Songs of Eretz Poetry Review is pleased to present “Black Feathers” by Loretta Diane Walker. Ms. Walker is an elementary music teacher from Odessa, Texas. She has taught at Reagan Academic Magnet for thirty-two years and was voted Teacher of the Year in 2001. She has a BME from Texas Tech University and an MA in Education from The University of Texas of the Permian Basin. A two-time Pushcart nominee, Ms. Walker was elected as the 2014 “Statesman in the Arts” by the Odessa’s Heritage Council.
Ms. Walker has published two collections of poetry. Her manuscript Word Ghetto won the 2011 Bluelight Press Book Award. Her work has appeared in many prestigious publications, including: Ashbury Literary Journal, The Texas Observer, Orbis International Journal, San Pedro River Review, Illya’s Honey, Red River Review, Perception Literary Magazine, and Connecticut River Review.
Winter has ripped away the pecan trees’ disguise
exposing every muscle and sinew,
blemish and crack,
vulnerable to the wind’s strong lust for power.
It could snap its wooden tendons with one heavy sigh.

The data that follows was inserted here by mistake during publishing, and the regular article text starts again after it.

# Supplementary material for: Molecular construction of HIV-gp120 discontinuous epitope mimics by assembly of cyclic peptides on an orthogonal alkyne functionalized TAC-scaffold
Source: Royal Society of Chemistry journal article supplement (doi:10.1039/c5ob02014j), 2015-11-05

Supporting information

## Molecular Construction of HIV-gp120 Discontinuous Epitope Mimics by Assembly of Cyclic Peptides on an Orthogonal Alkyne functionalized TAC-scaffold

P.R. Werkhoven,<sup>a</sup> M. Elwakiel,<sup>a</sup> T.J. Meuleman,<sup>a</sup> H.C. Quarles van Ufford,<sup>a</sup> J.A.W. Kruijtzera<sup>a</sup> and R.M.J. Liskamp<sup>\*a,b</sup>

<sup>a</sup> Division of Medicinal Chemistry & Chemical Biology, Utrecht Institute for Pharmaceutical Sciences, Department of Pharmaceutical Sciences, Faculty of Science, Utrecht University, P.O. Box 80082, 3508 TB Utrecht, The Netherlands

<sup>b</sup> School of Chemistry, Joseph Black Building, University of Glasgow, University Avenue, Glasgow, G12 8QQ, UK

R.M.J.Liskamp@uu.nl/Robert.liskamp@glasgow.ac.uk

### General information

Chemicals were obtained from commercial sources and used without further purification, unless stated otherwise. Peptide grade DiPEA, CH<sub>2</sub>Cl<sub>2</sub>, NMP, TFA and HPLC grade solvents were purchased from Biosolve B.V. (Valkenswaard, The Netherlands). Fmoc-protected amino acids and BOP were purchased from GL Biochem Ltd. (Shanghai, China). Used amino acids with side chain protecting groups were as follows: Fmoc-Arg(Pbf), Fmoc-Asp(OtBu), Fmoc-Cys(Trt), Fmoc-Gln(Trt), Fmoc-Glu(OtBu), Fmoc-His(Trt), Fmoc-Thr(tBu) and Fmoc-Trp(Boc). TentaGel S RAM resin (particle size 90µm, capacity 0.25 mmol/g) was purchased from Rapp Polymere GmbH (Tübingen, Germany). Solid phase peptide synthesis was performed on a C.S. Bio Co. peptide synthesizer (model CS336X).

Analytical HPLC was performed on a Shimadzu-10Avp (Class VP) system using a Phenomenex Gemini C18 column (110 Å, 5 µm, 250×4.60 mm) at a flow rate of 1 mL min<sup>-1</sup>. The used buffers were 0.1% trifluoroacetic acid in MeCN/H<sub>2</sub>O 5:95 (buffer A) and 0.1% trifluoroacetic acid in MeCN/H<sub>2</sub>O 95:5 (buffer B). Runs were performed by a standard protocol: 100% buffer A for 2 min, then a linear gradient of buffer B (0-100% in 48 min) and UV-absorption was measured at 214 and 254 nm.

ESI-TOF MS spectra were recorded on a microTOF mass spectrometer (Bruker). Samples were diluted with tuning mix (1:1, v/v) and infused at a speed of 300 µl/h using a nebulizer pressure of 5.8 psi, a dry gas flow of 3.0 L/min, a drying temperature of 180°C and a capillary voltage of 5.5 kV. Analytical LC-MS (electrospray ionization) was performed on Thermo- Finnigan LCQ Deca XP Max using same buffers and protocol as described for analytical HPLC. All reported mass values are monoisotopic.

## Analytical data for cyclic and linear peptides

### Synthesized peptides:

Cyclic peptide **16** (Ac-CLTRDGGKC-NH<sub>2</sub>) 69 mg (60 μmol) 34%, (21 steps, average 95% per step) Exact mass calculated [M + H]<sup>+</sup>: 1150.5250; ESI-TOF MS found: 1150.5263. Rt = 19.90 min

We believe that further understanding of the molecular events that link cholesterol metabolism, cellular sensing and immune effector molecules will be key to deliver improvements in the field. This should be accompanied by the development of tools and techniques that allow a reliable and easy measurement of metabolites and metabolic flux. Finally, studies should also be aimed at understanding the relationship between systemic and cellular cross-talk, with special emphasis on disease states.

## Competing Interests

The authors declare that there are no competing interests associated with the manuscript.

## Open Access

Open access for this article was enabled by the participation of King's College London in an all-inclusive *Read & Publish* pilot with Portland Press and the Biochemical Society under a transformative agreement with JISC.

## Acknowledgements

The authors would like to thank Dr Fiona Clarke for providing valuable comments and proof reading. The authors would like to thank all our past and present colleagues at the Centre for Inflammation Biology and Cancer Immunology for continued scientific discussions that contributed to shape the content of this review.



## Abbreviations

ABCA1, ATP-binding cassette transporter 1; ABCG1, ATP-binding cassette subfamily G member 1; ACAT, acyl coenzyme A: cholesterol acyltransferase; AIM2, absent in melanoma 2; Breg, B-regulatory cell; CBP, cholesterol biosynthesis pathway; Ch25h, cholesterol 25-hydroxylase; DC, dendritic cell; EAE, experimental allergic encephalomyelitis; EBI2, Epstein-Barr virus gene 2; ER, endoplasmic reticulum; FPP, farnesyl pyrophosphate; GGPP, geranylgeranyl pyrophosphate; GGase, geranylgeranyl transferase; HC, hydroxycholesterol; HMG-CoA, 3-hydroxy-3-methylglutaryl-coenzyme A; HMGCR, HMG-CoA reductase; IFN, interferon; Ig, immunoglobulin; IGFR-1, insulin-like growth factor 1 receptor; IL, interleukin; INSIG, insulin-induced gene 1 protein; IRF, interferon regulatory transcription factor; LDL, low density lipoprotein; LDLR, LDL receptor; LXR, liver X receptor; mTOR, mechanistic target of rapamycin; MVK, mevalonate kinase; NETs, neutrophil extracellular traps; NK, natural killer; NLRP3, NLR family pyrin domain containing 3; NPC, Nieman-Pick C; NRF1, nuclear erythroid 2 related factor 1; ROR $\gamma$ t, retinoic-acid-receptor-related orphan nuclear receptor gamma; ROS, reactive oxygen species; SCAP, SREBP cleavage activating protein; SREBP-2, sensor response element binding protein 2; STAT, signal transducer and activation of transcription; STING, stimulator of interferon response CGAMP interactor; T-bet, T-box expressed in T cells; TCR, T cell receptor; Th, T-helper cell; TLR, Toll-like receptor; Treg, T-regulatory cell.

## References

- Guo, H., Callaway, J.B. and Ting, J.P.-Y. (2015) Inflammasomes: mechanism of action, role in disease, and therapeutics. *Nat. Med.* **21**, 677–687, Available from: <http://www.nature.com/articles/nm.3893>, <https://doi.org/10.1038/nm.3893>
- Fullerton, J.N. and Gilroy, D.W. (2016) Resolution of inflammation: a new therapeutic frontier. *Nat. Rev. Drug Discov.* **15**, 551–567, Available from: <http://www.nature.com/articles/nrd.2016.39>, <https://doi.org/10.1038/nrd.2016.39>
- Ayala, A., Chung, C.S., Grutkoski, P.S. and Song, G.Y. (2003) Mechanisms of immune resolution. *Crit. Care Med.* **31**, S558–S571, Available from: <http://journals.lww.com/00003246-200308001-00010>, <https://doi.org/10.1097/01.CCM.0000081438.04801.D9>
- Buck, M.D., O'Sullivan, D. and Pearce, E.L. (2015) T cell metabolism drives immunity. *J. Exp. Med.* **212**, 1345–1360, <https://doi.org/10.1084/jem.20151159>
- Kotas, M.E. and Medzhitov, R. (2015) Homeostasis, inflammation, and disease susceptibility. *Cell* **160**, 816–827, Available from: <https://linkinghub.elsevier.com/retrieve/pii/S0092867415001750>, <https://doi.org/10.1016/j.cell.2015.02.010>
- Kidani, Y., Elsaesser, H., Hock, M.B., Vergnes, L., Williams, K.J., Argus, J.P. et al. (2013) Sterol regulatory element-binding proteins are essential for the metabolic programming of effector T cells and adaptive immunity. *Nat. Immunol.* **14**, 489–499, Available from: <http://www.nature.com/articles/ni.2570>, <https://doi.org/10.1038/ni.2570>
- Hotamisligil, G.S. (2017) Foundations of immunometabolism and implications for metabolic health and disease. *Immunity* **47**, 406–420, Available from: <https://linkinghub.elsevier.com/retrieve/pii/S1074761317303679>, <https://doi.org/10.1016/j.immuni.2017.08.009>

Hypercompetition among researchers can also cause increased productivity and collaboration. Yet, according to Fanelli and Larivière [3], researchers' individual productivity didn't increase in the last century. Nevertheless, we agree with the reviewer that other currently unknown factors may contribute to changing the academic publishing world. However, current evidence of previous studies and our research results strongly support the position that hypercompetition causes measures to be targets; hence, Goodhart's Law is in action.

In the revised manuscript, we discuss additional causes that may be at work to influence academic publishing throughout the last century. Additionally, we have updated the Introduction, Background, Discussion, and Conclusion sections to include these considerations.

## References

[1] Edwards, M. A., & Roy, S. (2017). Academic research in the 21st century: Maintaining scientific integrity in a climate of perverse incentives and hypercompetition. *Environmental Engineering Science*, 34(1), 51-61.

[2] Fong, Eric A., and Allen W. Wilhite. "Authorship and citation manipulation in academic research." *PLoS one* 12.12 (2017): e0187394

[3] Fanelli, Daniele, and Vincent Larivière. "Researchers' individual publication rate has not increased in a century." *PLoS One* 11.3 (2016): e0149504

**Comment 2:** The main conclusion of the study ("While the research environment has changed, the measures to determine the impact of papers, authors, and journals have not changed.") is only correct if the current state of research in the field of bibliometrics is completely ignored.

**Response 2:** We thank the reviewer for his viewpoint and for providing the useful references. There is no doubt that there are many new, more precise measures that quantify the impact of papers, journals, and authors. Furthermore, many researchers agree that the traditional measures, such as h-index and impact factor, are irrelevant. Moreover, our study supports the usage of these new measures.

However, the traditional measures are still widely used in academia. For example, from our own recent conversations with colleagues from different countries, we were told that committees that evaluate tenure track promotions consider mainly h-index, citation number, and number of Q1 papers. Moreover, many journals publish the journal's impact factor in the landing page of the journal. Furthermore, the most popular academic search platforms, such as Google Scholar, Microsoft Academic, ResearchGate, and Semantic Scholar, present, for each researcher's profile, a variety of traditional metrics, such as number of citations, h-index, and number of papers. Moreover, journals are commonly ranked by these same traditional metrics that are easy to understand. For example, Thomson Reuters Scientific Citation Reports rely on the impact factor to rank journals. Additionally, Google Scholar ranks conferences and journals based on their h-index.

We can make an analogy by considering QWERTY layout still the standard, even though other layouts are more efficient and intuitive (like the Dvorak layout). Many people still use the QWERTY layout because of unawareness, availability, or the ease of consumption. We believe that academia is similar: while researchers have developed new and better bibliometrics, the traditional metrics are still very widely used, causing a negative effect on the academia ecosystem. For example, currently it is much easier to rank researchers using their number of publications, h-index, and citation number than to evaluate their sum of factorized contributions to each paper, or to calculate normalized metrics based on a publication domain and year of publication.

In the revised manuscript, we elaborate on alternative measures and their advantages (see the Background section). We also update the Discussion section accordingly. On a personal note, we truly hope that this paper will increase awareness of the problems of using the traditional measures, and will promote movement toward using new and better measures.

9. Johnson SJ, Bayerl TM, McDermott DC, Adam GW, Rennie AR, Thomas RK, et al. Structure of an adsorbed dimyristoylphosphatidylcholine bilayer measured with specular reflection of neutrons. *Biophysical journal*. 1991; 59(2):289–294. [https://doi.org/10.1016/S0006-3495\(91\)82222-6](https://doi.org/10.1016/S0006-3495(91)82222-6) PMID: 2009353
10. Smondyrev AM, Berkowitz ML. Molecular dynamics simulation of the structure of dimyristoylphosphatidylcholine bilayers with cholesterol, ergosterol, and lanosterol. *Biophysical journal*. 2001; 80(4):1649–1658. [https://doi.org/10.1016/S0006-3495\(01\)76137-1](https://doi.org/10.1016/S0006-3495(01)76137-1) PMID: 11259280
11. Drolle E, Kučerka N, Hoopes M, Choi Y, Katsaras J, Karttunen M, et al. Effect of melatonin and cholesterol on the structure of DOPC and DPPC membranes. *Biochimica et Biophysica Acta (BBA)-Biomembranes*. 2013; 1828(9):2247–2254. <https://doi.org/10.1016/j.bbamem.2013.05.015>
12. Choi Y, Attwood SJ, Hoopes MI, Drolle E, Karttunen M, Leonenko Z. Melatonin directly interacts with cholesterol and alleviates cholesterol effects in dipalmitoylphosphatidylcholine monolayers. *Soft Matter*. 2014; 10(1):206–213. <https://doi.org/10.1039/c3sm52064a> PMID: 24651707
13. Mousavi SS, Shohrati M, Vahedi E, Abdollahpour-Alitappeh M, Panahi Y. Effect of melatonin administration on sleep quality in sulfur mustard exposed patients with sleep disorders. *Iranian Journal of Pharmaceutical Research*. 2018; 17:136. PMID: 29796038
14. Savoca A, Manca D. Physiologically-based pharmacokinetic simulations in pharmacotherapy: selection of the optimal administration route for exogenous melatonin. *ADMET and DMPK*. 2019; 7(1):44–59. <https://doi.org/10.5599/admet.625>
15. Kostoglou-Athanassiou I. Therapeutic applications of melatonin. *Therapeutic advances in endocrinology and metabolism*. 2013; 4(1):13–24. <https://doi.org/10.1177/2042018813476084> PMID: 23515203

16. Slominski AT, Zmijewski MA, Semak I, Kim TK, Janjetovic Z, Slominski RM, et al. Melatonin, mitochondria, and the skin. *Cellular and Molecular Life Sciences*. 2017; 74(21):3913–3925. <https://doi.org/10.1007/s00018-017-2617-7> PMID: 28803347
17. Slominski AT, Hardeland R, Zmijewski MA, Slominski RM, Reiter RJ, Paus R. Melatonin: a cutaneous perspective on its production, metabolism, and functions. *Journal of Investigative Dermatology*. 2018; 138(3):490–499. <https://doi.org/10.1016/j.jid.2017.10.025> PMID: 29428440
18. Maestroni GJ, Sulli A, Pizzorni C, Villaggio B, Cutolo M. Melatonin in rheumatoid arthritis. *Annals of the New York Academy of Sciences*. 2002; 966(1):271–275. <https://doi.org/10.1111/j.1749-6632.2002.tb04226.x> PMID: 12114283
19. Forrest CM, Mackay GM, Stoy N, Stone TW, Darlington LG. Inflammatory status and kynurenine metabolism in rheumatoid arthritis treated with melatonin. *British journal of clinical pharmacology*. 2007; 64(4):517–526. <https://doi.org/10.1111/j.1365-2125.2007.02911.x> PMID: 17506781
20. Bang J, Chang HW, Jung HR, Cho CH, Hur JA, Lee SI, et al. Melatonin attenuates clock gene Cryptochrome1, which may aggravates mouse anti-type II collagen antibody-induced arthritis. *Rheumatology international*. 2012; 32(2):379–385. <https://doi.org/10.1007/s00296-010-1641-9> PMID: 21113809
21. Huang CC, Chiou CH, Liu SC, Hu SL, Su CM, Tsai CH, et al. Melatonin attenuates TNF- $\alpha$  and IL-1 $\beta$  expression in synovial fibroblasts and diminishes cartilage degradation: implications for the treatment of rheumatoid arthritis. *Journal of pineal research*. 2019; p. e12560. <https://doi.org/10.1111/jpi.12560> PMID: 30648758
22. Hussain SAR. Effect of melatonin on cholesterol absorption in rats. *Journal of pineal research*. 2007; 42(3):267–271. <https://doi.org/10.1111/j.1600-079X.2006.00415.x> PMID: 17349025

And what of our vulnerability?
How we cling to anonymity, fear transparency,
for others to see us in our humanness,
or for things old and broken to surface, spill out
from behind walls of insecurity.
Once I told a secret.
I know the blow of rejection, the crush of words,
shame rising from my countenance
like steam from an iron.
On this winter’s dusk,
clouds make a gray skirt around the moon’s fat bottom.
Over the pecan trees’ bald head,
a wave of black feathers ripples
across a rain colored sky.
The cold’s icy knuckles brush my face—
batter grackles’ wings, flapping, squawking
as though their out of tune melody will heat the air.
My hands are two brown rafts floating
in the warmth of my pockets when I see them—
two teenagers talking with their thumbs,
pressing buttons on cell phones,
swift, staccato, sure like the rain,
their voices drowning.
Poet’s Notes: I love the naked, raw beauty of trees in the winter. Each branch is a sculpture of vulnerability--a testament there is strength in transparency.
I used to live across the street from our mall. One chilly and cloudy winter afternoon, I braved the weather and walked over to relieve myself from cabin fever. Grackles were extremely vocal this particular afternoon. It was as if they were warning me. In Odessa, a cloudy sky does not necessarily mean rain. However, during my walk over it started to pour. Inside, I walked behind two teenagers. They walked side-by-side texting rapidly. The whole while I was behind them, they did not look at or speak to each other.
Editor’s Note: “Black Feathers” was first published in The Texas Poetry Calendar in 2011.